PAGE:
The End of an Era: Leaving Nairobi

On Sunday, I leave Nairobi for Thailand, where I will spend a month visiting various beaches and diving various reefs.  Of the many transitions I have documented on this blog, this one is most significant, as it is the most final.  After Southeast Asia, I return to the United States for the foreseeable future, embarking on the next phase of my career as an MBA student at MIT.  Right now, from the Flamingo Cafeteria in the Julius Nyerere International Airport in Dar es Salaam, Tanzania, waiting for the second leg of my flight to Nairobi from Zanzibar, where I spent the last four days SCUBA diving and lounging on the beach with a new group of multicultural friends, I will begin the long process of trying to make sense of my three years working abroad in international development.

By way of background for those who do not know the history of Develop Economies, I left my job as a strategy consultant in Boston three years ago to work with Kiva, a microfinance funder, in the Philippines.  After the better part of a year, I moved to Ghana to work with Technoserve, a non-profit focused on market-driven economic development.   Six month later and one year ago to the date, I moved to Nairobi and found employment as a business analyst with Bridge International Academies, a chain of low-cost private primary schools serving slums in Nairobi.  When I arrived, we had 15 schools in Nairobi.  Today, we have 73 throughout Kenya.  Next year, Bridge will have hundreds more around the world.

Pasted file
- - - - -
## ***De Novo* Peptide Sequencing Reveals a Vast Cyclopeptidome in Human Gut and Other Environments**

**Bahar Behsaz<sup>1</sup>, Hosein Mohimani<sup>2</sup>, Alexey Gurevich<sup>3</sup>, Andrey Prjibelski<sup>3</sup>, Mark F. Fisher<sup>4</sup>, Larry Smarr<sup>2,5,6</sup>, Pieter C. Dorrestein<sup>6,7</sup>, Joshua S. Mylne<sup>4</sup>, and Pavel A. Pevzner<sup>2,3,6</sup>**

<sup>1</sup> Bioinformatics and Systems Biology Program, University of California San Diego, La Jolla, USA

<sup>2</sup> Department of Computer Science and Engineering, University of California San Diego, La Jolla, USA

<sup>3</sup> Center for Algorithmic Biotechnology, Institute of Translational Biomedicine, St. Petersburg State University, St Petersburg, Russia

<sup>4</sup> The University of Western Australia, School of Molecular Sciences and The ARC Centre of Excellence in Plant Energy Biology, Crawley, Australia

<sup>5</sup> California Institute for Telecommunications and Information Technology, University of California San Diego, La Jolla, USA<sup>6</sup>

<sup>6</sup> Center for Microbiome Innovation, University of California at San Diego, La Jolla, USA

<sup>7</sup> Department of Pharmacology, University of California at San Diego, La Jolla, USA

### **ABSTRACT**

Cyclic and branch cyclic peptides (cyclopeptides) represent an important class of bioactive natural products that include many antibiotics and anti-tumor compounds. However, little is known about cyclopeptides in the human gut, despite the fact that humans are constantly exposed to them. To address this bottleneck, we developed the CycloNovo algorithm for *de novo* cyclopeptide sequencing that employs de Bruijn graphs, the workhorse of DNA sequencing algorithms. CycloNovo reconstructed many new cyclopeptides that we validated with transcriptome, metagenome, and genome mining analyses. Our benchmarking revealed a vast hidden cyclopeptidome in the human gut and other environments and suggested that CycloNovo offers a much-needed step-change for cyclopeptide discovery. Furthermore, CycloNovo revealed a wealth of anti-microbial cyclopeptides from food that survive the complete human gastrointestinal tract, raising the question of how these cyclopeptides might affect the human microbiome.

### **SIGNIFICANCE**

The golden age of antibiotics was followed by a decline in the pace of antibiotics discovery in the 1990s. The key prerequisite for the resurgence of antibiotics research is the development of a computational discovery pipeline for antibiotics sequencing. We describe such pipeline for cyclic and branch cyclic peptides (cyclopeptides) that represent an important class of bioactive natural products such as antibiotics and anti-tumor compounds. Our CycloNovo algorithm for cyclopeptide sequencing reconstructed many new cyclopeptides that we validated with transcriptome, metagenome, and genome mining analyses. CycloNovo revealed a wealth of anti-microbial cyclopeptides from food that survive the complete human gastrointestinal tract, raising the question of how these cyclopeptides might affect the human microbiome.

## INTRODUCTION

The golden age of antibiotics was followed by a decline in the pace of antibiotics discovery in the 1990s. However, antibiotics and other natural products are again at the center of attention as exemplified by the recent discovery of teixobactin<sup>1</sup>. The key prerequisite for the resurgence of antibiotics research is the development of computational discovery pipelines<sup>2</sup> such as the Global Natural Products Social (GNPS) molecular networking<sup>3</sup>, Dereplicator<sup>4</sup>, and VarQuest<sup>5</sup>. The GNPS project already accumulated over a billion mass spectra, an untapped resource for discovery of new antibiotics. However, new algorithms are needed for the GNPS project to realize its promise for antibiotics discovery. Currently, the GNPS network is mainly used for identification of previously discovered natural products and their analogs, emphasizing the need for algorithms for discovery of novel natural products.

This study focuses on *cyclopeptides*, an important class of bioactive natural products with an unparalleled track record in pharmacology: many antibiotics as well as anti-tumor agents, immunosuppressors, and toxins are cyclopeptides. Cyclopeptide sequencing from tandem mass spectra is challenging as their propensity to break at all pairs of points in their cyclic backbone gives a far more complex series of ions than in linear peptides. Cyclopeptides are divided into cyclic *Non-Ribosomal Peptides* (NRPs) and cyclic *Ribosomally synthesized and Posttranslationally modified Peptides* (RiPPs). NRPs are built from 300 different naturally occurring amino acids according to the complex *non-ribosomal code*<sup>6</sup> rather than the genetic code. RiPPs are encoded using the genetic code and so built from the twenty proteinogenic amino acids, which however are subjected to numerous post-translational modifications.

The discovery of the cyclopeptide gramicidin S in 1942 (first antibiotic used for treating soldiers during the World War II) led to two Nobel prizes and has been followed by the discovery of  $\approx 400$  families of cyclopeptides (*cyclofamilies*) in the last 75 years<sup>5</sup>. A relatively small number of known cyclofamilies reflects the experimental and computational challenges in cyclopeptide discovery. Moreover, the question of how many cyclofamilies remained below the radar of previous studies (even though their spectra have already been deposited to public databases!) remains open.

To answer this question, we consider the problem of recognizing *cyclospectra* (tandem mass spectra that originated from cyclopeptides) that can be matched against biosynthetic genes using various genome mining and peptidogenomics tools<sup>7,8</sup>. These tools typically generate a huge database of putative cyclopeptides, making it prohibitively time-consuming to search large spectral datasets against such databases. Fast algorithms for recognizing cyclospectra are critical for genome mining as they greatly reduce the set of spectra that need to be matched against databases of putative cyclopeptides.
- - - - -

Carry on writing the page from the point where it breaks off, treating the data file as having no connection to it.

In addition to working, I have found time to travel here and there, squeezing in six months of independent travel in six countries Asia and another seven in East and West Africa.  I have met thousands of interesting people from all over the world.  To illustrate the point, I spent the last three days with a group of Dutch medical students, a Moroccan working in Paris, an Austrian on working at the embassy in Nairobi, two Germans living with nuns in rural Uganda and Tanzania, and an Australian physiotherapist on loan from the International Olympic Committee to the government of Zambia, tasked with preparing their athletes for the 2012 games.  More substantively, I have forged strong relationships with friends and colleagues during my time living in the Philippines, Ghana, and Kenya.  To write a series of posts summarizing the lessons of the last three years without discussing the people would be incomplete.

Before I arrived, I understood very little about the theory of international development and even less than the practice.  Fortunately, I have found valuable mentors to provide advice and guidance in navigating this complex world.  The validity of the business adage that it is not what you know but who you know that matters can be debated, but, in my case, knowing people has helped tremendously in not only finding jobs, but adjusting to new environments, making friends, and learning about new things.

Today, I understand much more about development, in part from my work, research, and writing, but also because of the conversations I have in my living room, or on a bus in Rwanda, or a train to Mombasa on the coast of Kenya, or in an email I received from someone I met a few times about what they are studying and reading.   The entire experience has made me smarter and more knowledgeable.  And trying to parse the source of it all is challenging.

While I may not be able to completely break down my experience and pinpoint the source of this professional and, more importantly, personal growth, I can begin to catalog the lessons from the experience.  And with that in mind, I will be writing a series of posts to wrap things up.  In the next two posts, I will talk about how I got into this work and give some advice for anyone thinking of doing it themselves.

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"Josh Weinstein is a visionary. I read his blog every day." - Bono
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